Coombe Conduit

History of Coombe Conduit

Coombe Conduit represents an intriguing survival from the system which, for 350 years, provided fresh water to Hampton Court Palace. 

Coombe Conduit, the main building viewed from the west

The Hampton Court conduit system was fed from three conduit heads, which were known as Coombe Conduit, Gallows Conduit and Ivy Conduit (the last is not in English Heritage’s guardianship). The system has traditionally been attributed to Cardinal Thomas Wolsey, who began work to the great palace at Hampton Court between 1514 and 1529.

More recent research has suggested that the system was installed during Henry VIII’s residence, from 1529 onwards. This is further supported by the fact that the lands on which the conduit heads were built belonged until 1538 to Merton Priory. After the suppression of the monastery, these lands fell into the king’s hands.

The Coombe Conduit system supplied the palace with water until 1876, though the supply had become intermittent some time before. In 1896 the conduit houses and a length of the lead piping were sold to the Duke of Cambridge, on whose land they stood. In 1900 the Crown formally relinquished all rights over the pipes.

The upper conduit house at Coombe Conduit was badly damaged in 1943 when an elm tree, weakened by high-explosive bombs, fell across the west and north walls, bringing down the remains of the roof, the two masonry gables and parts of the remainder of the walls. This damage was partly repaired under the War Damage Act and further restored in 1956, after a lengthy debate about conservation philosophy.

In about 1970 the area was developed residentially, and Coombe Conduit was enclosed within the garden of 28 Lord Chancellor Walk.

The passage leading to the middle chamber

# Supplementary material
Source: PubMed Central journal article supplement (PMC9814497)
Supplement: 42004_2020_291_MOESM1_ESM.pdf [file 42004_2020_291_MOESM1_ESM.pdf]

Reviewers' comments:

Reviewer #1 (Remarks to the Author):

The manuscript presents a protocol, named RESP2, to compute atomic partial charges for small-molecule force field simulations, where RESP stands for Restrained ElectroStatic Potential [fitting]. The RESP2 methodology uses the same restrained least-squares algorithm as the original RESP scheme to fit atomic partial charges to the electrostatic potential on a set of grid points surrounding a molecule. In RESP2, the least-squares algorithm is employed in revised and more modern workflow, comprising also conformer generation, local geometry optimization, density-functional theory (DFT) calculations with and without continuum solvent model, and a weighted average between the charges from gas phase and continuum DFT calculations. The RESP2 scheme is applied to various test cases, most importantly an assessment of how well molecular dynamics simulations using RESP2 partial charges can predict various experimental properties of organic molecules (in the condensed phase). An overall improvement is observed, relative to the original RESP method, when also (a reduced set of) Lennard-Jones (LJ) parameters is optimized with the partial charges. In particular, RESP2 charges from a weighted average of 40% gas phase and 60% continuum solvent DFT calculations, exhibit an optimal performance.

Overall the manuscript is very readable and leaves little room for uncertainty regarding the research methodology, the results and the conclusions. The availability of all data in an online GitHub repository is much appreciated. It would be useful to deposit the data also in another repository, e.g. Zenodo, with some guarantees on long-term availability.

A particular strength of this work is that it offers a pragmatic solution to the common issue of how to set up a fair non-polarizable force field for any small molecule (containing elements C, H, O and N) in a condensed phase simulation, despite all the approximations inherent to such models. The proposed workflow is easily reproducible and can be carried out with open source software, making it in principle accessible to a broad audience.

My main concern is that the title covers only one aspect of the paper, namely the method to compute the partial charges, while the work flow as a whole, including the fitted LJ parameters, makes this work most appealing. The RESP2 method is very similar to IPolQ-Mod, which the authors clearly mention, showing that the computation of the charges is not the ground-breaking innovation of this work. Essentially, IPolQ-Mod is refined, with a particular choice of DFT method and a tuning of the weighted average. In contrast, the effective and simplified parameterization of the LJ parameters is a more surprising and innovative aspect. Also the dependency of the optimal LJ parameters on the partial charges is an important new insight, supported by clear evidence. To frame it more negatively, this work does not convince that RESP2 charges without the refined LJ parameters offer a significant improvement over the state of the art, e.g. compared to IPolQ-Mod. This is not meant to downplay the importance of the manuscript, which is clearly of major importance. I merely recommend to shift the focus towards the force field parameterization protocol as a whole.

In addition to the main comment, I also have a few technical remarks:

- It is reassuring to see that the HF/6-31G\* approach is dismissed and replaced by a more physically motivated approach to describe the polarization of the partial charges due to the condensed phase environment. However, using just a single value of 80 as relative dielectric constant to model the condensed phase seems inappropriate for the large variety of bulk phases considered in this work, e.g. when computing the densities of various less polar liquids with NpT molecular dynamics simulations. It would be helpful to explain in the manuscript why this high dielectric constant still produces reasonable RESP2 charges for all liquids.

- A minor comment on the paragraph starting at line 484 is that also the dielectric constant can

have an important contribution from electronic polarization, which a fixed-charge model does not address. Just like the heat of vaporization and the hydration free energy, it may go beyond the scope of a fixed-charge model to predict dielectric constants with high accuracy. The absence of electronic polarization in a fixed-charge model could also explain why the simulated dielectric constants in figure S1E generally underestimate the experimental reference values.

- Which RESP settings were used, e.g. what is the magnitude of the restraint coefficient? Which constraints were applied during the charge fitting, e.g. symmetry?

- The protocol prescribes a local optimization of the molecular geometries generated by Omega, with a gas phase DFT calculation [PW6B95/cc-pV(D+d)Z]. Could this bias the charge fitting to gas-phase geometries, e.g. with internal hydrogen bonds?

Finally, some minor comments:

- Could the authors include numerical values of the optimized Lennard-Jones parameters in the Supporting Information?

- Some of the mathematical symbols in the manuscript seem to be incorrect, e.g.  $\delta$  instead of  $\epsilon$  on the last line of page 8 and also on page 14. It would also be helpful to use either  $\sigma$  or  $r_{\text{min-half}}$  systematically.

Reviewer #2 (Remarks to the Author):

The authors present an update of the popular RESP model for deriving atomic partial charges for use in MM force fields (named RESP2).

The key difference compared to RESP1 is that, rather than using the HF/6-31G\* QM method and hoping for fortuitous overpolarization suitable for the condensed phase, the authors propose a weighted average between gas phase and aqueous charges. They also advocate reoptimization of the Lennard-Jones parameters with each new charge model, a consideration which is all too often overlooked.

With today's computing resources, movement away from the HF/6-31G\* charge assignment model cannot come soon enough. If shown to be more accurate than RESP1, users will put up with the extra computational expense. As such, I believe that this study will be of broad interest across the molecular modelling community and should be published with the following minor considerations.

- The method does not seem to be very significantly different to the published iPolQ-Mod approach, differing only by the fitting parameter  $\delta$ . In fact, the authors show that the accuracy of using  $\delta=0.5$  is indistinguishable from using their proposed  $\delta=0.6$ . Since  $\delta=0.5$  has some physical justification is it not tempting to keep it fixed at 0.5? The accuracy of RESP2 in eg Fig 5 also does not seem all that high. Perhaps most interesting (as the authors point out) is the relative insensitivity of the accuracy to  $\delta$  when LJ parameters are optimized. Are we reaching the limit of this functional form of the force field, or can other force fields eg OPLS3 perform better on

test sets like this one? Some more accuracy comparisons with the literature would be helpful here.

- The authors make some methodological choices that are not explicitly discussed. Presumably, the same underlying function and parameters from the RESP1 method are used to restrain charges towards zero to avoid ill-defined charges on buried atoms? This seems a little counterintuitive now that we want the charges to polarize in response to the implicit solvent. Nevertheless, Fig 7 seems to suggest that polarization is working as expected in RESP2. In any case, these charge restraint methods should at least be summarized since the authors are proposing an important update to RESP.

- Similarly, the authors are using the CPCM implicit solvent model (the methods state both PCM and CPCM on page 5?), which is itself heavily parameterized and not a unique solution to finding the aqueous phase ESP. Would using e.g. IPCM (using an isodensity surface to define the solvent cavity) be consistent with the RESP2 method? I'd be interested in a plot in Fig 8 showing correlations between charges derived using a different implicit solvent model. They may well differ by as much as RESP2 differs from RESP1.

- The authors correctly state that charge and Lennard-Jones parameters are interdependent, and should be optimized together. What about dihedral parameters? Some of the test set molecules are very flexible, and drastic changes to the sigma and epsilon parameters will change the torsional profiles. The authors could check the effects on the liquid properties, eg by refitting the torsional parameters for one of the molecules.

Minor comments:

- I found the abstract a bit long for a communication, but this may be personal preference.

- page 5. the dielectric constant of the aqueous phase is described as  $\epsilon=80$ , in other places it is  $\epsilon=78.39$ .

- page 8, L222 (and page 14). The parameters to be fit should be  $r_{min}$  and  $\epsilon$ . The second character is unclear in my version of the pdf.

Coombe Conduit originally consisted of an upper and a lower chamber, 20 metres (65.5 feet) apart, connected by an underground vaulted passage. Water from the spring passed into a tank in the upper chamber, from which it was drawn by a pipe into a tank in the lower chamber. Here sediment was allowed to settle. From the lower tank the water passed into the main conduit leading to the palace. Intermediate tanks fitted with stopcocks enabled sections of pipe to be isolated for repairs.

The total length of piping was about 5.5 kilometres (3.4 miles). The lead pipes were 7.5 centimetres (3 inches) in diameter and 1.2 centimetres (0.5 inches) thick. The system was engineered with a fall of 39.3 metres (129 feet) over a length of about 4.8 kilometres (3 miles), creating a water pressure adequate to supply running water to rooms on the second floor of the palace.

In the 17th century an additional tank was created on the north side of the upper conduit house a level higher than the Tudor original, with a third tank being added in the 18th century at a lower level on the south side.

Further Reading

Forge, JL, ‘Coombe Hill Conduit Houses and the water supply of Hampton Court Palace’, Surrey Archaeological Collections (1959), 56, 3–14

Thurley, S, Hampton Court Palace (London, 2003)

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